Thursday, July 17, 2014

C4Ta #4

In Dean Shareski's blog post Encouraging Ownership, he talks about his evaluations done by the students. He says that about 80% of the time it is positive feedback, 10% are indifferent, and 10% it is negative feedback. He admits that sometimes this is his fault but sometimes it is just the student not taking ownership of his own learning. He uses the example of buying a house. When something breaks, the owner must take action to fix it or find someone who can fix it. He say that the house is just like your learning. You are responsible for your own learning. You can't just sit there and absorb the material, you have to be involved and ask question. So take ownership of your learning.
education we create

Blog Post #14 and #15

             My strengths                                           My Weaknesses
         I am very creative.                           I am very bad with time management.
         I make lessons fun for my students.     I am not super organized.
         I have years of experience with kids.

I am very excited about using project based learning in my future classroom! It is a fun way to keep students interested in what they are learning. It also helps the students learn more because they actually have to do something instead of just listening to the teacher talk.

In the video How to Make an Audio QR Code, we learn how to create a QR code. A QR code is very similar to a bar code. You can take your smartphone and scan the QR code box and it will lead you to whatever information is embedded in the code. In the video, she is creating an audio QR code to send to her students' parents.

In iPad Reading Center, we see the iPads being used in the classroom. She uses the iPad as a reading center. She has the student record himself reading and then listen to it to see if he made any mistakes. These could be a great phonemic awareness tool.

In Poplet with Ginger Tuck, Ms. Tuck shares an app, Poplet, with us. Poplet allows her kindergartners to make webs. She mostly uses the app to help students create information webs after they read a book. This would be a great tool for helping with comprehension.

In AVL and Kindergarten Students, we see how to use Alabama Virtual Library on the iPad in a center. Ms. Tuck will give a word to thee students and the student will then search it in Alabama Virtual Library. They then listen to the examples that the search gave them and draw a picture and write a sentence of what they have searched.

In the video, Tuck iMovie Trailer For Kids, Ms. Tuck shows us what she has learned on iMovie and how she aplies it in her classroom. I love the book trailer idea and will use it in my future classroom.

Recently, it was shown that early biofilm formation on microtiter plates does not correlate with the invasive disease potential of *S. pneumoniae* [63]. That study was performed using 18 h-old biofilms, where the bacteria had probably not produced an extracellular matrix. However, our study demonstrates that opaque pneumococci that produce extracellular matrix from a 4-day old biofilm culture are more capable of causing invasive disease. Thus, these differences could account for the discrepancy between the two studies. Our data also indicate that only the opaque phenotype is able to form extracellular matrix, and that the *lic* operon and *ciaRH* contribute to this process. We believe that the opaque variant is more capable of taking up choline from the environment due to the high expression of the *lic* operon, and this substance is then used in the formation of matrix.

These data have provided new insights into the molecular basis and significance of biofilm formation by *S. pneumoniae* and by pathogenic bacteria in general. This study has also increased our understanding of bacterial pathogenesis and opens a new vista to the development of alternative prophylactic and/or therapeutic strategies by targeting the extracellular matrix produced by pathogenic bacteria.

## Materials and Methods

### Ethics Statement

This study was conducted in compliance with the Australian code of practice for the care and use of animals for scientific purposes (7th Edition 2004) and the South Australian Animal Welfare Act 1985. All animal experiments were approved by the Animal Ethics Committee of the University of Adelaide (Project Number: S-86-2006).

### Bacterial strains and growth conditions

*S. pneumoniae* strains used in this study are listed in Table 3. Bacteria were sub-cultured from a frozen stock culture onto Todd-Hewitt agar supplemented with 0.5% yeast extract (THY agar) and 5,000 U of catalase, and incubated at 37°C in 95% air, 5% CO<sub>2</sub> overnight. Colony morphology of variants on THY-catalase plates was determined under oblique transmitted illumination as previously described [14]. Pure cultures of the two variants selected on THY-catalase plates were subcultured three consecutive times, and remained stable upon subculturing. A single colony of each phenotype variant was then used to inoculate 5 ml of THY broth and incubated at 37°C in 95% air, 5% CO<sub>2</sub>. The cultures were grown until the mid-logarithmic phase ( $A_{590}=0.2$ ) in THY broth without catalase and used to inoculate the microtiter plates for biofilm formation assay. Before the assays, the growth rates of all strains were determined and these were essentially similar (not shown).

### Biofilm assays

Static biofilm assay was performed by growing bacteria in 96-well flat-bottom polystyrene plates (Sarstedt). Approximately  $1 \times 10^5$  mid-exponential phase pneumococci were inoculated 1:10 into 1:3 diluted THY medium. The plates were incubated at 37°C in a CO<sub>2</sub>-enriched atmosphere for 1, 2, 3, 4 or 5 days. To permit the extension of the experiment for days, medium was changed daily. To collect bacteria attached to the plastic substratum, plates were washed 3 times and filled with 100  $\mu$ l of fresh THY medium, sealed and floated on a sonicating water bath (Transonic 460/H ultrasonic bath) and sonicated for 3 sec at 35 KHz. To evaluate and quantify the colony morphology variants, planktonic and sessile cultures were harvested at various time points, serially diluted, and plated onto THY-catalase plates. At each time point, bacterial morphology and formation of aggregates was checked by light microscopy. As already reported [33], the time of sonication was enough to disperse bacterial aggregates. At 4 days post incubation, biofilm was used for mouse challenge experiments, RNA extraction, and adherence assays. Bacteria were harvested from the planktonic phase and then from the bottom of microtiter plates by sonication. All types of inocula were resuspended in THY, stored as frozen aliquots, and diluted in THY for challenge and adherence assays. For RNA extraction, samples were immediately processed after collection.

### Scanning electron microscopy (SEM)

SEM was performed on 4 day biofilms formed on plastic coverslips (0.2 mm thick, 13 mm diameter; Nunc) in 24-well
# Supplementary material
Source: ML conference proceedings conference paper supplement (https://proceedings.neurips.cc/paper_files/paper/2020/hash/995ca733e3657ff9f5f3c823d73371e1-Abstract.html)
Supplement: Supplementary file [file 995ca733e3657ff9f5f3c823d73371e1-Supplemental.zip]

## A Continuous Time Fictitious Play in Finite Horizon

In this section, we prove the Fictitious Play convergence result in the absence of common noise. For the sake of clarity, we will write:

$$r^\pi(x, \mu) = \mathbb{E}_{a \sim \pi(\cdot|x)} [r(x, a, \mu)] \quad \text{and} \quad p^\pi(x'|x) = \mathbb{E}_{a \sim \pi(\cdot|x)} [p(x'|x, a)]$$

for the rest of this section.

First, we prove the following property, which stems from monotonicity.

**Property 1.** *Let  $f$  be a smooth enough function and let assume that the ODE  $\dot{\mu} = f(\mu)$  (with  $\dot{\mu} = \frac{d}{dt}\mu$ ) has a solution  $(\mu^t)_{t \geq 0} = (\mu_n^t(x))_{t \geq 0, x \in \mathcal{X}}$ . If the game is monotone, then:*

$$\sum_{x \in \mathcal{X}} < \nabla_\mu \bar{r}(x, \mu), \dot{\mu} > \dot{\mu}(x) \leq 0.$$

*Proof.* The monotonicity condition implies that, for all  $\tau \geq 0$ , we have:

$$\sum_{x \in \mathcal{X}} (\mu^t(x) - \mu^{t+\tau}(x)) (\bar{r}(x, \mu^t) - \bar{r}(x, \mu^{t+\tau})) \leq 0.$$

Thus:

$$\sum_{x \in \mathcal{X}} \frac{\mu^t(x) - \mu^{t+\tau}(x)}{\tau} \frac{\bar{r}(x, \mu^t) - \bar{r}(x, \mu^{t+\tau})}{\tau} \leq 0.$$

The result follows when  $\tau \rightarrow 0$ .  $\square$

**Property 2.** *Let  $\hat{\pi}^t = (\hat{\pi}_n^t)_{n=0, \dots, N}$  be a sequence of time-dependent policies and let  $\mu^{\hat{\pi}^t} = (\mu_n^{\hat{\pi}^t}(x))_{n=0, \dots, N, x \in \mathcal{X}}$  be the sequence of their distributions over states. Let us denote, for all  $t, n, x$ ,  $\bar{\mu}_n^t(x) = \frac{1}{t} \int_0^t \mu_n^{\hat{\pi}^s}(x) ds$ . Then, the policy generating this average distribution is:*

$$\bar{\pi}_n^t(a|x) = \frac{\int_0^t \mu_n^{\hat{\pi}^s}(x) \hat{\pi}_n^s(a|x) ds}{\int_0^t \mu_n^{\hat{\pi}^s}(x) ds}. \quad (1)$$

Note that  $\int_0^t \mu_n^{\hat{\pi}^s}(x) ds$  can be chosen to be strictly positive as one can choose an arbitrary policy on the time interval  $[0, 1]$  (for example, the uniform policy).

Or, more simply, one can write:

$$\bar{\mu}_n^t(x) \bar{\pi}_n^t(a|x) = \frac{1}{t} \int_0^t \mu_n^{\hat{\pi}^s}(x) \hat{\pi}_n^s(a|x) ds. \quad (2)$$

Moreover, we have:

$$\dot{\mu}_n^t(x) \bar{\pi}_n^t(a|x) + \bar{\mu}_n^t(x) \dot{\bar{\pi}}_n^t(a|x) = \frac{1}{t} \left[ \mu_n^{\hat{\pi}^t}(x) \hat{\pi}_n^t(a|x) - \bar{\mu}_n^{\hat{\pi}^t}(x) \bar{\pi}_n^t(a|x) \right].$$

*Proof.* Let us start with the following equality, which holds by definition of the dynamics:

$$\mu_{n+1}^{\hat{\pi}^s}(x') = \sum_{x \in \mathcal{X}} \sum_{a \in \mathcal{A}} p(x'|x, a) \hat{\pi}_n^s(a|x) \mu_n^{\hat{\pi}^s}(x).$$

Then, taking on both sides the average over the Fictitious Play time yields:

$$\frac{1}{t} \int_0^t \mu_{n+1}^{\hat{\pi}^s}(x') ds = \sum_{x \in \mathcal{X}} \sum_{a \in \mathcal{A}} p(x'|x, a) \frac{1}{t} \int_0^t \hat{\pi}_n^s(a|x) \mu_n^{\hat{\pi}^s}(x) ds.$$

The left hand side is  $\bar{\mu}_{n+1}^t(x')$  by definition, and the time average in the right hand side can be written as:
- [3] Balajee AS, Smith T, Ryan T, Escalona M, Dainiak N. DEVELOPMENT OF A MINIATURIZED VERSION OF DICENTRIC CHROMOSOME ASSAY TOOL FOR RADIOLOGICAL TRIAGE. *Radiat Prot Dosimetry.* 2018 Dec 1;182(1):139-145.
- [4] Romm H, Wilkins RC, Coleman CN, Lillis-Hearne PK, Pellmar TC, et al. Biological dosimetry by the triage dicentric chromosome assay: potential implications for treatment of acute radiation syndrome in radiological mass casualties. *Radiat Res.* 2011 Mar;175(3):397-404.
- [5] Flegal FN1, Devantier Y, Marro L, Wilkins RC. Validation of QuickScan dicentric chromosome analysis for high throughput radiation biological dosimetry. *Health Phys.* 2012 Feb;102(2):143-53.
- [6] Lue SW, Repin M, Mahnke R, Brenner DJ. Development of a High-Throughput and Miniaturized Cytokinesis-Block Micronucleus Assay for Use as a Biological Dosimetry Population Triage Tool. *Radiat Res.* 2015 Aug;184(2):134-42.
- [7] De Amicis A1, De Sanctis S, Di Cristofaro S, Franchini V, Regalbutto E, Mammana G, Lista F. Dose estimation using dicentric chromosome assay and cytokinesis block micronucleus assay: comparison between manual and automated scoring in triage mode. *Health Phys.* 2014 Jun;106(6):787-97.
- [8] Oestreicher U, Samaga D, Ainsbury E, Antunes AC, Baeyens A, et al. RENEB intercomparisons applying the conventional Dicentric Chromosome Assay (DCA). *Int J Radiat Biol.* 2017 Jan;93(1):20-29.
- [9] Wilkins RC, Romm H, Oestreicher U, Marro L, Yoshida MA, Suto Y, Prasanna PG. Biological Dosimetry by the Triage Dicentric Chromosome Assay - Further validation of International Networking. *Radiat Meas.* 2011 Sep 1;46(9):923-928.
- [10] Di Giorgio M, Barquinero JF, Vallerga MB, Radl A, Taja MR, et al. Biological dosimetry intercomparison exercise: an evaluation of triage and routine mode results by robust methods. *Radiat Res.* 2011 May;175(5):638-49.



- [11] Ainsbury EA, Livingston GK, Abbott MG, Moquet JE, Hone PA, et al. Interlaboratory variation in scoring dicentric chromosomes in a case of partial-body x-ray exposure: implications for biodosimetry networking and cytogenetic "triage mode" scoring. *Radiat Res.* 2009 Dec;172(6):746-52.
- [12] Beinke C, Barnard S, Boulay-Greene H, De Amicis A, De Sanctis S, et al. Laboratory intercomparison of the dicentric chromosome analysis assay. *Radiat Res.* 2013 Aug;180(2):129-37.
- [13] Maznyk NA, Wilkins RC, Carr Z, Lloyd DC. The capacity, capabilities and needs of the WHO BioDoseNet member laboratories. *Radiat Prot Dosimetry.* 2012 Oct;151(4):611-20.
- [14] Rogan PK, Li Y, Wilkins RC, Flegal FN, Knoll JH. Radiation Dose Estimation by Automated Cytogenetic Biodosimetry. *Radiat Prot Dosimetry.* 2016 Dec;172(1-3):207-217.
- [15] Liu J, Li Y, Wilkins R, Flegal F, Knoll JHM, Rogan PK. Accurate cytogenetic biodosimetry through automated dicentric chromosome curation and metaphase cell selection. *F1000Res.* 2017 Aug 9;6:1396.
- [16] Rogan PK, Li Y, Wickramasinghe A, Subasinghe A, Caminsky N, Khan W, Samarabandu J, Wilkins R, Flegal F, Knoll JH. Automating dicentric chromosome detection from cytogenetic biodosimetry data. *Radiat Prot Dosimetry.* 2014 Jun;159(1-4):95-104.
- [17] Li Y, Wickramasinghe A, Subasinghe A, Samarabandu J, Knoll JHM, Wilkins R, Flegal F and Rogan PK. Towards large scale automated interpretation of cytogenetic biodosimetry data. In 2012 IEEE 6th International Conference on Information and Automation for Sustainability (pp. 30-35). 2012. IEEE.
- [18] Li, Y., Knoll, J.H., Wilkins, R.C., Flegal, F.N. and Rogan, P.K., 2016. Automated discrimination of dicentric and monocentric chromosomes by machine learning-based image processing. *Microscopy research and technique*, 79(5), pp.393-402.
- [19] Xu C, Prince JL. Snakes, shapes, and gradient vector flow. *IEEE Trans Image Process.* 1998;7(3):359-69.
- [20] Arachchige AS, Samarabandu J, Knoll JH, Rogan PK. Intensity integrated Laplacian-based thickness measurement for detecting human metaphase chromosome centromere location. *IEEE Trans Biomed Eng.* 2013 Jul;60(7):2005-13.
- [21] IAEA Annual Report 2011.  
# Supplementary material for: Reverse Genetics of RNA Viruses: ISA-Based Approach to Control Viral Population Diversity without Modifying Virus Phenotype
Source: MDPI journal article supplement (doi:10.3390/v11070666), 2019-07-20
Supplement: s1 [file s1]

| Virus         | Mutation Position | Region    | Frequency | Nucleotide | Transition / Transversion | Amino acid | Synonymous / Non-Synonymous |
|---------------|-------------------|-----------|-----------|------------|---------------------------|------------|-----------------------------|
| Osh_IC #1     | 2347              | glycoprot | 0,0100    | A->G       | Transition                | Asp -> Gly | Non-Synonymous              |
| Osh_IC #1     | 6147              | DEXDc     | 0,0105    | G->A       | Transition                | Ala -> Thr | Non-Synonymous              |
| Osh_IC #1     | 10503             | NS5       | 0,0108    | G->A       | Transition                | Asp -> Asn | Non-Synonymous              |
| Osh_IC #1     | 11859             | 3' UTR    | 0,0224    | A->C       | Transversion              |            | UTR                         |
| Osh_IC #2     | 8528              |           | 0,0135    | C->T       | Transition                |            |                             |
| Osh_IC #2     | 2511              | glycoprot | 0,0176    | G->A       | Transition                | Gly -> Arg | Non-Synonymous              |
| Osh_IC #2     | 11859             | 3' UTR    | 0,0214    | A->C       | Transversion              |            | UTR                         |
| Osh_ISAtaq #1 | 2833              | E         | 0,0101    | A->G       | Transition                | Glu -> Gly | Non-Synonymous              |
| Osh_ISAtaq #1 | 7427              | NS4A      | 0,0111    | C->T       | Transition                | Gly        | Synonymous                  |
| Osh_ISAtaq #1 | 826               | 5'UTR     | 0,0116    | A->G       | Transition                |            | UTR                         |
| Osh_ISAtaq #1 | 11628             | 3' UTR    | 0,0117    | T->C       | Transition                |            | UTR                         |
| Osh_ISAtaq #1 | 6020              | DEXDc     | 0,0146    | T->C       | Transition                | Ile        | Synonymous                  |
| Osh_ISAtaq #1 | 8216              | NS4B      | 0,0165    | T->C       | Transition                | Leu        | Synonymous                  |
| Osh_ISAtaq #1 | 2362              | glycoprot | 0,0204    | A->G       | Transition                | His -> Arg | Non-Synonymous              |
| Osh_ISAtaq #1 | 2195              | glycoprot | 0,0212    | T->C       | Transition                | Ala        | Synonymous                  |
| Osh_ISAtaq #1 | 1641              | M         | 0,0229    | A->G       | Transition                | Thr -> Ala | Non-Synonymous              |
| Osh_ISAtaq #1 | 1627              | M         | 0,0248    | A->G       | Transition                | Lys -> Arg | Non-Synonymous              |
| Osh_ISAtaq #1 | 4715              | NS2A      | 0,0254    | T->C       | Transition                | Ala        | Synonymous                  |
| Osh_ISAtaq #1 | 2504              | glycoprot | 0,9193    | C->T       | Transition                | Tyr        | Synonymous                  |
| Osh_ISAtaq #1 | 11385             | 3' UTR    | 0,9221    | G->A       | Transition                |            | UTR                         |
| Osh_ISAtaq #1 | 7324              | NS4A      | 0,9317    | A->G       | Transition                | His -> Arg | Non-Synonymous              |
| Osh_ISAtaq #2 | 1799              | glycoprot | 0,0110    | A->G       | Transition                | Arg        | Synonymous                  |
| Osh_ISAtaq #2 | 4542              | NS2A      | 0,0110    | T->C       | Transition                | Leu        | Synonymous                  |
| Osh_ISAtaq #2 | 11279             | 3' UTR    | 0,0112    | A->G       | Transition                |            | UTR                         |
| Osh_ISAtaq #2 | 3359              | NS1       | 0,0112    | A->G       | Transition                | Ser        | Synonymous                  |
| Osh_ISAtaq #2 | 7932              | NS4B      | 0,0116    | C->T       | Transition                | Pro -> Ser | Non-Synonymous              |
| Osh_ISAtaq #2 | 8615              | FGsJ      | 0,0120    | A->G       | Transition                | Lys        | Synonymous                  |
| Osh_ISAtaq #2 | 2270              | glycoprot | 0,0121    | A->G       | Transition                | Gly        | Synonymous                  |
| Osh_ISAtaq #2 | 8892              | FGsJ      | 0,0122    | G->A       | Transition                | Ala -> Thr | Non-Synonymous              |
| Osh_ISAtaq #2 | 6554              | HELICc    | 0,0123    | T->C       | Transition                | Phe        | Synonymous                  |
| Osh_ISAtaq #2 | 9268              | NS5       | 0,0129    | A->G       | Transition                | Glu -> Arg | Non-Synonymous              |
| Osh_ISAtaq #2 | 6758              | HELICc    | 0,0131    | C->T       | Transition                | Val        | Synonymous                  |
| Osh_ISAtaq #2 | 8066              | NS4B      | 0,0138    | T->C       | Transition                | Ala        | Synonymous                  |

In Tammy Shirley Discovery Education Board Builder Moon Project, Ms. Shirley show us one of her students boards on Discovery Education. The boards are useful to display what the student is learning on one big page. They can add pictures, videos, anything they want to help them.

We can see two examples of the boards mentioned above, in Mrs. Tassin’s 2nd Grade Class. Example 1    Example 2

In the interview, Using iMovie and Alabama Virtual Library in Kindergarten, Mrs. Davis and Mrs. Bennett discuss using iMovie and Alabama Virtual Library in their classrooms. Mrs. Bennett loves that her kindergarten students enjoy using iMovie. Mrs. Davis talks about how Alabama Virtual Library improves the use of iMovie.

In the interview, Twitter For Educators, Mrs. Davis and Mrs. Bennett discuss how twitter has helped them with keeping up with new things in education. It also has linked them to people from all over the world using one little hash tag.

In Dr. Strange's Talk with Teachers We All Become Learners, the discuss that fact that teachers have to be learners as well. One example that Mrs. Bennett gives is that her student had to show her how to take a picture on the iPad. As educators, sometimes are students are going to know more about technology than us because it is what they grew up with. We just need to accept the fact that that we can learn from our students.

Wednesday, July 16, 2014

C4Tp #4

For my last C4Tp I commented on Building Good C.U.L.T.U.R.E by LangWitches. Silvia Tolisano talks about collaborating with other educators and creating the acronym CULTURE which stands for Collaborate, Understand, Love, Trust, Unite, Respect, Empower. I think that all of these things are important in a classroom. It takes these to build up your students and help them learn.


In her post The Blog Kraken: How to Keep Up with All Your Students’ Blogs?, she talks about ways to keep up with your students blogs. She says that reading every students post, giving feedback, etc. can go south very quickly. She uses Feedly to keep up with everything. You put the students blog URLs in the website, and poof, everyone's blog is at your fingertips. You can view if the student is posting and what they are posting without leaving the one webpage. I will have to use this in my classroom.